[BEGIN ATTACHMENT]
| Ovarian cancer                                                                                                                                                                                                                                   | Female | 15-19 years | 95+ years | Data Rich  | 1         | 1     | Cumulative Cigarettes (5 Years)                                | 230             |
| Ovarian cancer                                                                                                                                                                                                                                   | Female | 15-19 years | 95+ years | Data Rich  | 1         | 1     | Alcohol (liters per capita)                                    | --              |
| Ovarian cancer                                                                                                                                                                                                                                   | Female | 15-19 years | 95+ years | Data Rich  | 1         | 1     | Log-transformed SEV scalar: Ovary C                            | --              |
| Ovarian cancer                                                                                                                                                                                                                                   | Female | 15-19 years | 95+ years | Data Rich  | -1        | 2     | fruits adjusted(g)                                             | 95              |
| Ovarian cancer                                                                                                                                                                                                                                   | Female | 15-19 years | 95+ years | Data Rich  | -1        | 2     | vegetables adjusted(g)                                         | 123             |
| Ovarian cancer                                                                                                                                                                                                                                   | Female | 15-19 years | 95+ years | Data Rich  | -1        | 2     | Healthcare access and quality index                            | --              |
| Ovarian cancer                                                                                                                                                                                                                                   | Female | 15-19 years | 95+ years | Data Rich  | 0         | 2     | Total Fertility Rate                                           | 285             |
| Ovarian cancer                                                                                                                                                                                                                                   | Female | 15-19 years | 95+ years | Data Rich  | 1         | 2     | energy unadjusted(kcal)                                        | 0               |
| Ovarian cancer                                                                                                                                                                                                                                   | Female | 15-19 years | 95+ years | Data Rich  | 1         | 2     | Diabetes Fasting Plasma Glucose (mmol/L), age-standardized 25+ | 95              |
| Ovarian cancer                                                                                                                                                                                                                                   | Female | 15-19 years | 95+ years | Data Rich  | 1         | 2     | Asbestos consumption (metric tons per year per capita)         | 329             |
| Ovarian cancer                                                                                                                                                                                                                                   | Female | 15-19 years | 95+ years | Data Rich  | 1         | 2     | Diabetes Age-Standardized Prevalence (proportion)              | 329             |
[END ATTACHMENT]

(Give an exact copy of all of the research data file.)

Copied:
| Ovarian cancer                                                                                                                                                                                                                                   | Female | 15-19 years | 95+ years | Data Rich  | 1         | 1     | Cumulative Cigarettes (5 Years)                                | 230             |
| Ovarian cancer                                                                                                                                                                                                                                   | Female | 15-19 years | 95+ years | Data Rich  | 1         | 1     | Alcohol (liters per capita)                                    | --              |
| Ovarian cancer                                                                                                                                                                                                                                   | Female | 15-19 years | 95+ years | Data Rich  | 1         | 1     | Log-transformed SEV scalar: Ovary C                            | --              |
| Ovarian cancer                                                                                                                                                                                                                                   | Female | 15-19 years | 95+ years | Data Rich  | -1        | 2     | fruits adjusted(g)                                             | 95              |
| Ovarian cancer                                                                                                                                                                                                                                   | Female | 15-19 years | 95+ years | Data Rich  | -1        | 2     | vegetables adjusted(g)                                         | 123             |
| Ovarian cancer                                                                                                                                                                                                                                   | Female | 15-19 years | 95+ years | Data Rich  | -1        | 2     | Healthcare access and quality index                            | --              |
| Ovarian cancer                                                                                                                                                                                                                                   | Female | 15-19 years | 95+ years | Data Rich  | 0         | 2     | Total Fertility Rate                                           | 285             |
| Ovarian cancer                                                                                                                                                                                                                                   | Female | 15-19 years | 95+ years | Data Rich  | 1         | 2     | energy unadjusted(kcal)                                        | 0               |
| Ovarian cancer                                                                                                                                                                                                                                   | Female | 15-19 years | 95+ years | Data Rich  | 1         | 2     | Diabetes Fasting Plasma Glucose (mmol/L), age-standardized 25+ | 95              |
| Ovarian cancer                                                                                                                                                                                                                                   | Female | 15-19 years | 95+ years | Data Rich  | 1         | 2     | Asbestos consumption (metric tons per year per capita)         | 329             |
| Ovarian cancer                                                                                                                                                                                                                                   | Female | 15-19 years | 95+ years | Data Rich  | 1         | 2     | Diabetes Age-Standardized Prevalence (proportion)              | 329             |